A photo in my newspaper caught my eye the other day; it was on the sports pages, and was a snapshot of a batter who had just hit a home run. I guess he had watched the flight of the ball, and at the moment that it became clear it was going to go over the fence, his face had registered surprise. It seems that even he had been somewhat amazed by what he had just done!
Well, that's the same kind of situation we have in today's story!
It happened a few years ago when I was over in the US, attending a 'get-together' of woodblock printmakers. There were many activities planned during the time we were there: some people gave demonstrations, others worked at making prints, others arranged print or tool exchanges, and many also made visits to local museums or other places of interest.
I joined one of those museum visits one afternoon, because I knew that the institution in question had a good collection of woodblock prints and related items. There were a dozen or so of us on the trip, and when we arrived, the curator showed us around, giving us a good overview of the collection, and then gave us free run of the place. After browsing through the pictures on public display, a number of us gathered in a study room, where the staff had arranged a kind of private display of many interesting items from their collection.
Among these was one that caught my eye, and the curator took particular interest in showing it to me. It was an old carved woodblock, smeared here and there with a yellowish pigment. It was a single colour block remaining from a set that had been used to make a Japanese woodblock print sometime in the past. He knew nothing of its provenance, or what print it 'belonged' to. He said that over the years they had showed it to all the experts who had visited their facility, but nobody had been able to come up with any ideas on what it might be.
When he first told me this, I concurred with his view that it would be pretty much impossible to learn much more. About all I was able to add to his information at first was that the block actually wasn't as old as he thought; my experience with really old blocks - which are always heavily browned with age - led me to believe that this one was mid-20th century. As for what print it might belong to, that was simply 'mission impossible'; a key block might be recognizable from the outlines of the figures depicted, but a colour block, which amounts to nothing more than a few 'random' shapes scattered here and there, is a different matter. I shrugged my shoulders, but anyway, sat down to study it for a bit, to see what I could glean.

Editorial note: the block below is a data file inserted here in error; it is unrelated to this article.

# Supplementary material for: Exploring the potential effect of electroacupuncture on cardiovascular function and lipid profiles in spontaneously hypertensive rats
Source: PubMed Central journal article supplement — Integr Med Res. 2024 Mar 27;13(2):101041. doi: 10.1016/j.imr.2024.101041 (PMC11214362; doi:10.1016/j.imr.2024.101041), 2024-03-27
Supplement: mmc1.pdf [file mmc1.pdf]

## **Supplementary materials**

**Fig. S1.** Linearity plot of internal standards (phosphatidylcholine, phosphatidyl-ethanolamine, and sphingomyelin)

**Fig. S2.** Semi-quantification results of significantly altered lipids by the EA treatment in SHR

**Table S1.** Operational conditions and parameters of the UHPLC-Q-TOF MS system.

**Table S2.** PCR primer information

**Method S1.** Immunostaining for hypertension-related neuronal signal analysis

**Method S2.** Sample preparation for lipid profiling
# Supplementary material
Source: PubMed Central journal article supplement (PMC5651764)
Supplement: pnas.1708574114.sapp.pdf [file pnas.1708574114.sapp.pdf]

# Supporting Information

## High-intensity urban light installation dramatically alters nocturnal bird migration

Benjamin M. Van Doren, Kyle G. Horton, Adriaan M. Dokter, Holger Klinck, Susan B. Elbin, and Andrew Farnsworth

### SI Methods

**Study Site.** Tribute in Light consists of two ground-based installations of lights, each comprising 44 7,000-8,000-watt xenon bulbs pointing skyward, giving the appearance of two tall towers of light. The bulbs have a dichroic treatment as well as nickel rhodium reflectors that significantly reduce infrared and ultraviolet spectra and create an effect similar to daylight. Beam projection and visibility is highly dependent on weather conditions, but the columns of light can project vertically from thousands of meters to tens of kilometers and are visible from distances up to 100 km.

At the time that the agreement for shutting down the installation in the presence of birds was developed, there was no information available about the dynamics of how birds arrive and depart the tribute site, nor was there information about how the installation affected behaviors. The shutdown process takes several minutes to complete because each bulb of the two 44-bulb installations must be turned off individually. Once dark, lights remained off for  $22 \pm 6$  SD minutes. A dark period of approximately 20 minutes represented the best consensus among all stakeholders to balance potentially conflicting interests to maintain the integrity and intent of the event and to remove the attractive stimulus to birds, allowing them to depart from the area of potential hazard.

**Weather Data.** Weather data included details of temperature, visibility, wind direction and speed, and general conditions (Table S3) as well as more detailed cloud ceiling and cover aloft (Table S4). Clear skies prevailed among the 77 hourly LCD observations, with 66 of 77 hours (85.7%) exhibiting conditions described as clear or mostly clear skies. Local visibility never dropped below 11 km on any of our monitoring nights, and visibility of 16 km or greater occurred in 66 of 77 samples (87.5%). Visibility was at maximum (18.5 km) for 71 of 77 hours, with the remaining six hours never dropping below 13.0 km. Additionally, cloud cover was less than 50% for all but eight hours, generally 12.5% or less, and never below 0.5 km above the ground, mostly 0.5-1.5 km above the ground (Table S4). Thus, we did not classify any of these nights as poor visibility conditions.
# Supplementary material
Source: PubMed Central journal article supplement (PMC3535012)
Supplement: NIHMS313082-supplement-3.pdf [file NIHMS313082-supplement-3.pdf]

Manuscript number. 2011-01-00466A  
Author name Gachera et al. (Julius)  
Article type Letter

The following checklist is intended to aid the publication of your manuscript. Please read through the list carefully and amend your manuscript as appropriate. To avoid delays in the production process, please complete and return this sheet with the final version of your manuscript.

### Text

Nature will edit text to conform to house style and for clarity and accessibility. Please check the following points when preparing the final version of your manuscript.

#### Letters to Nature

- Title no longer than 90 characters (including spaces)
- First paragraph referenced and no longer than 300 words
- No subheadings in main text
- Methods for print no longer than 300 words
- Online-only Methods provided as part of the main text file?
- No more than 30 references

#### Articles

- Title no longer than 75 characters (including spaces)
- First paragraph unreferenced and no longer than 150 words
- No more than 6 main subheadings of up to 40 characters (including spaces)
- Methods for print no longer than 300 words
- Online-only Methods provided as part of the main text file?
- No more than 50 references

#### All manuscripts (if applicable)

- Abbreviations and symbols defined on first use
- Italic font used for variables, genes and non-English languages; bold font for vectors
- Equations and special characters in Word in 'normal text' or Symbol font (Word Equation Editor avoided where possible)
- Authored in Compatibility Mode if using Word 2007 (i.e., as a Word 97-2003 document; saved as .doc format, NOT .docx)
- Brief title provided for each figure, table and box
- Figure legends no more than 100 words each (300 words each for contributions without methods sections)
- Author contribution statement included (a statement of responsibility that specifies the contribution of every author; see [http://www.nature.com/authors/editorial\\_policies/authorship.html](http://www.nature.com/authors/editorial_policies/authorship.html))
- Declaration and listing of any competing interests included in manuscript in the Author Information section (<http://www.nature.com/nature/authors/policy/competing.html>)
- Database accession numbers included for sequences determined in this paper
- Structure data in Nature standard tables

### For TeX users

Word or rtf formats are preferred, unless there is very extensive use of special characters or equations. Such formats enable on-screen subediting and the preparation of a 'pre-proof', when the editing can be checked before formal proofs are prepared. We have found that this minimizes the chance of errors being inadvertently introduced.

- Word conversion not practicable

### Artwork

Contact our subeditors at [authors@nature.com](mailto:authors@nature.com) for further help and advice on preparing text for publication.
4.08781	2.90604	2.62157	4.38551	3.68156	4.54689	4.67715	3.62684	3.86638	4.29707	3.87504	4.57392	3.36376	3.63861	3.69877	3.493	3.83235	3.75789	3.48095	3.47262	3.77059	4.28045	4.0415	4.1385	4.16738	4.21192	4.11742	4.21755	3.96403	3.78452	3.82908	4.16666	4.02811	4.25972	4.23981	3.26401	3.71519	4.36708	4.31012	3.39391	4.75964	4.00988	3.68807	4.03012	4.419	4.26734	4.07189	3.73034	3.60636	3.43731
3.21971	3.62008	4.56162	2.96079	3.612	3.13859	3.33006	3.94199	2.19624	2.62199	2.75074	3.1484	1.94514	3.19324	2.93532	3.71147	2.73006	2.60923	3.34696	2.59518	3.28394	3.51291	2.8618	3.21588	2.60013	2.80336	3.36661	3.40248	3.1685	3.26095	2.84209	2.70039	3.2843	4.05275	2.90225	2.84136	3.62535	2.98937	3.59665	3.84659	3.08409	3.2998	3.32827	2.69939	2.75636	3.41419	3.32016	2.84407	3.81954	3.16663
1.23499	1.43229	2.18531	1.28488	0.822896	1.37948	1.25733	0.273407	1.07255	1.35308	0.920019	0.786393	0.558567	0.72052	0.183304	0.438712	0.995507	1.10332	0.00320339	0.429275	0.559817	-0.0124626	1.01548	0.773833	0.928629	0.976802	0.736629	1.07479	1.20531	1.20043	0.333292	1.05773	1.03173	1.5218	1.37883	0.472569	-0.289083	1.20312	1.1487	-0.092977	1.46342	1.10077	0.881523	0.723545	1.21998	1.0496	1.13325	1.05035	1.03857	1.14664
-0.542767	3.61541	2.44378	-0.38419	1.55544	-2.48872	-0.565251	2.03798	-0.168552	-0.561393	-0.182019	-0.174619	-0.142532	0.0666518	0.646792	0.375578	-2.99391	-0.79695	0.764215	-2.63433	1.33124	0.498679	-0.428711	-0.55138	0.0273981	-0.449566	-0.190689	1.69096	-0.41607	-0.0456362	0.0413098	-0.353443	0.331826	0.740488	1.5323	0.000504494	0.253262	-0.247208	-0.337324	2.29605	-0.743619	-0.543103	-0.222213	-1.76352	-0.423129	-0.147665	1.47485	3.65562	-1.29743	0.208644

A minute or so later, I noticed something interesting about the carved patterns - they did actually seem a bit familiar. There was something not quite 'Japanese' about the shapes, and the colour too, was a bit different from what one would normally see on a Japanese print. A minute later, something clicked - this was perhaps a block for one of the woodblock prints of Paul Jacoulet, a Frenchman who lived in Japan in the middle of the 20th century, and who hired craftsmen to make many prints from his designs. The more I looked at it, the more it looked like Jacoulet, and another couple of minutes later - after mentally parsing through remembered images of his prints - I had it; the patterns matched one of his most famous designs, a print of a young woman dressed in a colourful Chinese ceremonial dress.
I asked the museum staff if they had a copy of a research volume on Jacoulet's work, and when they brought it to me, we opened it to the page illustrating that image, and found that yes, the pattern on this piece of wood matched exactly. With just a couple of minutes looking at this piece of wood with a few randomly carved patterns on it, I had - entirely from memory - plucked out from the entire history of Japanese prints the exact one that matched.
I guess we're not supposed to 'brag' about our own achievements (especially here in Japan!), but this story is just too good to keep to myself! (Although I know what this will now lead to - another 'challenge' to identify a random block, which will almost certainly end with an ignominious, 'I don't know!')
Story #254, November 7 2010
I don't have a copy of that print (way too expensive for me!), but here is a scan from a book on Jacoulet's work (enlargeable):